The outcome of the row between Group Lotus and Team Lotus has been declared a 'score draw' by independent legal experts, who believe that neither party has the right to claim victory in a saga that has tainted the start of the 2011 F1 campaign.
Despite both parties attempting to do just that [see story here
], Collyer Bristow's Tim Lowles insists that their refusal to hammer out an amicable solution has led to neither getting their desired outcome, and has left casual F1 fans with the confusion of having two Lotus-branded teams on the grid.
Justice Peter Smith announced his verdict on the long-running affair during the rest day in Monaco, claiming that it was 'unfortunate' that it had even reached the stage of legal proceedings but finding in favour of both parties on separate issues.
"It is unfortunate, in my view, that this case came before the courts and was incapable of resolution beforehand," he wrote in his summary of the case, "However, if the parties cannot agree to resolve a dispute, that is why the courts are here.
"At the end of the day, I cannot help feeling that the parties are better competing against each other on the F1 racetrack. Equally, I cannot help avoiding the feeling that F1 followers would actually find that [the wrangling] enhances F1 and they would be interested to see which of the two Lotus cars was more successful and which then might possibly be better placed to claim to be successors to the Colin Chapman mantle."
Group Lotus came out on top when the judge decided that Team Lotus had indeed breached a licence agreement 'almost immediately after the licence agreement was entered into'. This decision was reached on the basis that Tony Fernandes' operation entered into a number of contracts without prior approval of Group Lotus, particularly in respect of merchandising, which the judge found to be a serious breach.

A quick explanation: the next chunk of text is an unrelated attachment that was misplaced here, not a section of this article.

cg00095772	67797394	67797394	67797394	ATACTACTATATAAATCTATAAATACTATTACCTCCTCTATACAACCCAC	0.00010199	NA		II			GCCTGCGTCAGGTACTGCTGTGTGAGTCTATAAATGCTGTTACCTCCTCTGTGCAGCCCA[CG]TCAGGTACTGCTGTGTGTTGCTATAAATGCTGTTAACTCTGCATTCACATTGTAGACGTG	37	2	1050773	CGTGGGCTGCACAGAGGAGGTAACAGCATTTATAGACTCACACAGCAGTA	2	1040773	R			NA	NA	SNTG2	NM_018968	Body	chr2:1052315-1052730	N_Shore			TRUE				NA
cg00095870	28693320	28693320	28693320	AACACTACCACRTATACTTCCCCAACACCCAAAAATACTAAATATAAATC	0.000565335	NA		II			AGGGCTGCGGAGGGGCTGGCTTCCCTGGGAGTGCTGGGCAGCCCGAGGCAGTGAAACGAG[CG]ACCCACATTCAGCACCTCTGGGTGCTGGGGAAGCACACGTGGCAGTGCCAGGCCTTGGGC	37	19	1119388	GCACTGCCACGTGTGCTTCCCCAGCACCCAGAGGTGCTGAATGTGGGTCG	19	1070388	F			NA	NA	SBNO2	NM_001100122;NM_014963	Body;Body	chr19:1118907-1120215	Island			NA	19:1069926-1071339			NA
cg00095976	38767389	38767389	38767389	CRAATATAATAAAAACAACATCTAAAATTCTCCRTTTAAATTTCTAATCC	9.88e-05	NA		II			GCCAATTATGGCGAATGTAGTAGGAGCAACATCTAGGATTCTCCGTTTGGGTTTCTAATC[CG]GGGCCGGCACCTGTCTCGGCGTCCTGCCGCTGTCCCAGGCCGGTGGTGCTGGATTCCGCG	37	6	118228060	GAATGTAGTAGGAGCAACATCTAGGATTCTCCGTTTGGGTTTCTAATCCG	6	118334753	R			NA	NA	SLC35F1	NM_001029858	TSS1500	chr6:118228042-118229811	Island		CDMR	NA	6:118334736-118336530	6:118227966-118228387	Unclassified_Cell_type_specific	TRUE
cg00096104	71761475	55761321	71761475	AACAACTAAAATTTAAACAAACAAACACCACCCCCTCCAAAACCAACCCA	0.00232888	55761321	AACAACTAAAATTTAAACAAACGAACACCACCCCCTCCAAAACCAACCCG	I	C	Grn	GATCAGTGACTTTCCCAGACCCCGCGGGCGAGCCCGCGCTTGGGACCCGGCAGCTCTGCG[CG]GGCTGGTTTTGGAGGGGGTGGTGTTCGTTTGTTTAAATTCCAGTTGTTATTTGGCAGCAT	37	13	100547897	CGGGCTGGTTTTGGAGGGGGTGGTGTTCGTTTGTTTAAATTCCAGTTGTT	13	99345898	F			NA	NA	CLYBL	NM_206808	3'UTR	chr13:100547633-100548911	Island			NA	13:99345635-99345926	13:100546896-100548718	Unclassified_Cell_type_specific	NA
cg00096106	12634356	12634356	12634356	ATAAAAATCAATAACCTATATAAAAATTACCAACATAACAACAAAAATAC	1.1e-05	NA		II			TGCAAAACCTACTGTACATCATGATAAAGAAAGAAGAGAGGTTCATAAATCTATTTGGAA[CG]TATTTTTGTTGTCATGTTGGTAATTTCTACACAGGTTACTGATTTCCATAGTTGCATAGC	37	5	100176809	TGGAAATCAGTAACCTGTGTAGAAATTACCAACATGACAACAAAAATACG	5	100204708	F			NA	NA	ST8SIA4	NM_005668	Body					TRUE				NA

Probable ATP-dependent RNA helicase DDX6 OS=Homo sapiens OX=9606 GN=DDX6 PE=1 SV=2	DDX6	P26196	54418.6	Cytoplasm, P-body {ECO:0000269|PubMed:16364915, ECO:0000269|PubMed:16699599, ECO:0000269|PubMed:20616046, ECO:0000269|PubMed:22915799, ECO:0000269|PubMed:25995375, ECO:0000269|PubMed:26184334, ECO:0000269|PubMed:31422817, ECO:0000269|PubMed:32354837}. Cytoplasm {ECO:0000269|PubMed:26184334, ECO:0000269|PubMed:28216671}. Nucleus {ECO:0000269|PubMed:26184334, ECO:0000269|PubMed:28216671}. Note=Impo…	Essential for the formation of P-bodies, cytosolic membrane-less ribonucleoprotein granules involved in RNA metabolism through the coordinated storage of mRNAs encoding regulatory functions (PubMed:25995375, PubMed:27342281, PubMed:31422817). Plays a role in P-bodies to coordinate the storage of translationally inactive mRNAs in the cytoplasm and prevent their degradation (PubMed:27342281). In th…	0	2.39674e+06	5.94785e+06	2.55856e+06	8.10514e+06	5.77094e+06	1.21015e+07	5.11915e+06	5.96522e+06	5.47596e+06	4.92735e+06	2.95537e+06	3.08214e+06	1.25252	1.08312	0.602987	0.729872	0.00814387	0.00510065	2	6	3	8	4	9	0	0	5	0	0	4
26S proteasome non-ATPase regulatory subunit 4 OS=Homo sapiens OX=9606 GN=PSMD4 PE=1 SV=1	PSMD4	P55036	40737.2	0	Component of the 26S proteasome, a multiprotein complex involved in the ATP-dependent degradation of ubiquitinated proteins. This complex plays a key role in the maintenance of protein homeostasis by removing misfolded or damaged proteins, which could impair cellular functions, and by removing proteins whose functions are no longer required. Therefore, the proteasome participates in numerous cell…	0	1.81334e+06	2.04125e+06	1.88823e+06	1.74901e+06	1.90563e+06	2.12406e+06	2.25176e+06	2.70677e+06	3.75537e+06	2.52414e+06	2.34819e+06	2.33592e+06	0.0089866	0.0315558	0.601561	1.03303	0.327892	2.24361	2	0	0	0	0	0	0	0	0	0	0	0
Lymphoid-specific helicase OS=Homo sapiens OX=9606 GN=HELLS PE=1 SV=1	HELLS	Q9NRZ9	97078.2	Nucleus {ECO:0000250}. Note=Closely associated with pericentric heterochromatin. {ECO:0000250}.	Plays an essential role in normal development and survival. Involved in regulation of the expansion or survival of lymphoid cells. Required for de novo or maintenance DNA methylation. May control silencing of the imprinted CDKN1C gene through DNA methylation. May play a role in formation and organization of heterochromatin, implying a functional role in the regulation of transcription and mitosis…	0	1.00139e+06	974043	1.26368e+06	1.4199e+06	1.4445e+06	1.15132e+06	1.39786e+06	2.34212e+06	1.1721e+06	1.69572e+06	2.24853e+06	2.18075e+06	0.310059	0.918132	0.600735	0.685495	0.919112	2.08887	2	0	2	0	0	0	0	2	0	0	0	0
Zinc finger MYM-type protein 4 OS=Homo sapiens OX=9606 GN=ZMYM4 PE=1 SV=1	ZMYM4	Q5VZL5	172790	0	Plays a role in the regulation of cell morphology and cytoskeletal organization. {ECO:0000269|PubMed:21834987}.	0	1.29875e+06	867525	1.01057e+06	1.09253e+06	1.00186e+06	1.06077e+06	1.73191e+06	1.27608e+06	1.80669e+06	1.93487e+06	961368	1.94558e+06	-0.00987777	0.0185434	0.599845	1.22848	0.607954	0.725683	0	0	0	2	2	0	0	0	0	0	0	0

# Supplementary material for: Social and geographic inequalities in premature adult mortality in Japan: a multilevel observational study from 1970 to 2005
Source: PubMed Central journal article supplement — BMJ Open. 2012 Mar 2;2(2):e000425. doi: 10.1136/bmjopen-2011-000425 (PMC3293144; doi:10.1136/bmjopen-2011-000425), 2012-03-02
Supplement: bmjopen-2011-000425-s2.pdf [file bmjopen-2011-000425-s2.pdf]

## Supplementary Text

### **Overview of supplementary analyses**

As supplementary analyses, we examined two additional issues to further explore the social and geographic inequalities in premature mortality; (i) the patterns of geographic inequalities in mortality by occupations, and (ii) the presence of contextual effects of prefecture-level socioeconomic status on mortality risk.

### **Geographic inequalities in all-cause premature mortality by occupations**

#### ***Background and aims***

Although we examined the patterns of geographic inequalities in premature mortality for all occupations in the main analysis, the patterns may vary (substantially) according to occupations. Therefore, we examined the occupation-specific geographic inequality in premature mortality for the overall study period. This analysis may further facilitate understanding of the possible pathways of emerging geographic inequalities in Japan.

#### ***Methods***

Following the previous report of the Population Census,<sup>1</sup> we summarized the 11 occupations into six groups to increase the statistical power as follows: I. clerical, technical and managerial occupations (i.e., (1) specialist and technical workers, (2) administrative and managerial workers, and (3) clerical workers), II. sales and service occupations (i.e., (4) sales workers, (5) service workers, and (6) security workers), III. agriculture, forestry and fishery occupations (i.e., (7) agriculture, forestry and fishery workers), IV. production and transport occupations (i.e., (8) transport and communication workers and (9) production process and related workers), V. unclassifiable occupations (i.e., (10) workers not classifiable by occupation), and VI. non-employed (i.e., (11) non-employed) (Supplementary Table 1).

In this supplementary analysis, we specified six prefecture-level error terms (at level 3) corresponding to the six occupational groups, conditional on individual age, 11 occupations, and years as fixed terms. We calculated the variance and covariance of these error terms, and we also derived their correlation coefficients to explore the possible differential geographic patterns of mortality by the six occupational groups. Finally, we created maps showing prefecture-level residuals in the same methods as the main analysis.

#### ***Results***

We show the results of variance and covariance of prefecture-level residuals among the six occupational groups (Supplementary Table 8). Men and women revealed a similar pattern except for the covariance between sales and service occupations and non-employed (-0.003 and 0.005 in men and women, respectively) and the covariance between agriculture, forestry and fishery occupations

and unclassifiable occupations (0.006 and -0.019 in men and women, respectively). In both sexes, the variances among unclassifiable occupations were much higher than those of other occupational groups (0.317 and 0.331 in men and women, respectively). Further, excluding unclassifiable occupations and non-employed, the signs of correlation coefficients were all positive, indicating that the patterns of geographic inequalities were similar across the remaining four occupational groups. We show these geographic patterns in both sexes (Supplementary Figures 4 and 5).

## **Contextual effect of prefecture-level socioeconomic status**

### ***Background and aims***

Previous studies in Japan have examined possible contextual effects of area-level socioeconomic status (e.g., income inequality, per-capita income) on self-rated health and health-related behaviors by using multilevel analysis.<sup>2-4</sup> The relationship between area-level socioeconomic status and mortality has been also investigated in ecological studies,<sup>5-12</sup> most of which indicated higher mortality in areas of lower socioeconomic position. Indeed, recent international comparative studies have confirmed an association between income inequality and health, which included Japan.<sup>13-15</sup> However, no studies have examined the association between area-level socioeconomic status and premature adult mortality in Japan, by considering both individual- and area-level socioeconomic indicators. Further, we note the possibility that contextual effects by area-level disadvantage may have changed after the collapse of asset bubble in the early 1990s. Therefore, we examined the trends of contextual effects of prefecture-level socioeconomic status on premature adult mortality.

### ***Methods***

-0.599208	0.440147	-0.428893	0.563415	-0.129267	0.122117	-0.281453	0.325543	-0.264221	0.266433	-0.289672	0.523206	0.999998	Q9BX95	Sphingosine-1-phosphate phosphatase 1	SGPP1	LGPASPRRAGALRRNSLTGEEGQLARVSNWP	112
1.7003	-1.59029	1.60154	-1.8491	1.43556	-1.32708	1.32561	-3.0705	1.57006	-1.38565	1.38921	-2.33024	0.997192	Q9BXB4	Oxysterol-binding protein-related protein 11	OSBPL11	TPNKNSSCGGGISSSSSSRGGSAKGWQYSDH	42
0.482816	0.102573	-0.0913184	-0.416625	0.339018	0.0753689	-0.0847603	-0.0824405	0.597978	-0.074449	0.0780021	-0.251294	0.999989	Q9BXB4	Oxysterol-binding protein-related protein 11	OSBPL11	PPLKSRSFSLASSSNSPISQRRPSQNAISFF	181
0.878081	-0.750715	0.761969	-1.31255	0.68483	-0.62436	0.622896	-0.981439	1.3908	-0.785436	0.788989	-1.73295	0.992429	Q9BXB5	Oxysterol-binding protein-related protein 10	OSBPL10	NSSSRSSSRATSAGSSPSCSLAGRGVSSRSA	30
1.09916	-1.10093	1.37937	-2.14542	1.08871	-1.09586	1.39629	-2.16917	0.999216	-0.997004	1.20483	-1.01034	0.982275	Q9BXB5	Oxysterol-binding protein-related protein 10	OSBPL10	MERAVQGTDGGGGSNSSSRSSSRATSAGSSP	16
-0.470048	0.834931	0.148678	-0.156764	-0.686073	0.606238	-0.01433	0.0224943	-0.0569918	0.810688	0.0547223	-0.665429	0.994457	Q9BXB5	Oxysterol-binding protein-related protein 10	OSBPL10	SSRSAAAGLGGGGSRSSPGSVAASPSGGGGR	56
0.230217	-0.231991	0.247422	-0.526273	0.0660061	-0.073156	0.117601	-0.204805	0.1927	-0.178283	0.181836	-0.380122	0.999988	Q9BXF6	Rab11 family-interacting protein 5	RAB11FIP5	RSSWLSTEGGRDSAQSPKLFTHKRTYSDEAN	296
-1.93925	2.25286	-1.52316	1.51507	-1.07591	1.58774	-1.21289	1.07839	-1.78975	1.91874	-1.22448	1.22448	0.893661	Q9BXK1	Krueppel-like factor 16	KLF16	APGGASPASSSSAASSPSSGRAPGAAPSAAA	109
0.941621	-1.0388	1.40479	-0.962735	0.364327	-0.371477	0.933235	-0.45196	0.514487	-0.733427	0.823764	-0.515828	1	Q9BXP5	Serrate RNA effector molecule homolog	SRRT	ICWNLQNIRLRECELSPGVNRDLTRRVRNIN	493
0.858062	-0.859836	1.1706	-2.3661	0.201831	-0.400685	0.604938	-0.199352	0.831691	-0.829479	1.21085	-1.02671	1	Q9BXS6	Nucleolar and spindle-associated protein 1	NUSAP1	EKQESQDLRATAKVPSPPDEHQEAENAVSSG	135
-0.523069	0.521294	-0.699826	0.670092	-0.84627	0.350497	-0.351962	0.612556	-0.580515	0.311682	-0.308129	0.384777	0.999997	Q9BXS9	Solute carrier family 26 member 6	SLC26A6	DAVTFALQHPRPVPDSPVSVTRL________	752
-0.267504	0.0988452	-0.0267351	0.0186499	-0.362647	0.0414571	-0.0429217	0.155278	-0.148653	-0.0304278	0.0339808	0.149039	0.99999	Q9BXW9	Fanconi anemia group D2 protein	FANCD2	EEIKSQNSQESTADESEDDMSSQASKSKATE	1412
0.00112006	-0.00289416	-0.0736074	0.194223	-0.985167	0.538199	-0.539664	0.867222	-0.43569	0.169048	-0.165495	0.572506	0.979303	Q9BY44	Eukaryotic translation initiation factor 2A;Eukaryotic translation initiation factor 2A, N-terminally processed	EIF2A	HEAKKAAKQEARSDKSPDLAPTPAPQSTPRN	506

In his opinion, Group Lotus was therefore entitled to terminate the five-year agreement that had been secured by Fernandes to use the Lotus name, and entitled to damages, albeit in respect of the merchandising breaches only. These damages have not yet been quantified, but Lowles says that he does not expect them to be significant.
The judge also found that Group Lotus was the rightful holder of the 'Lotus' trademarks, but that the 'Team Lotus' registered trade mark should be revoked on the basis of 'non-use', in as far as it had not been used for five years in the context of F1 racing. However, he also found that, after the Lotus company was floated in 1968, both the 'Lotus' and 'Team Lotus' brands were treated separately and that both established a significant amount of goodwill. As such, both parties were entitled to use the marks they claimed to own, with Fernandes having acquired the 'Team Lotus' brand from previous owner David Hunt in order to use it in F1 from 2011 on.
The judge further found that there would be no obvious confusion among F1 followers, with the belief that people would know the difference between the Lotus Renault
team and Team Lotus. Group Lotus, however, has announced that it is to appeal on these grounds, possibly paving the way for another lengthy dispute between the two parties.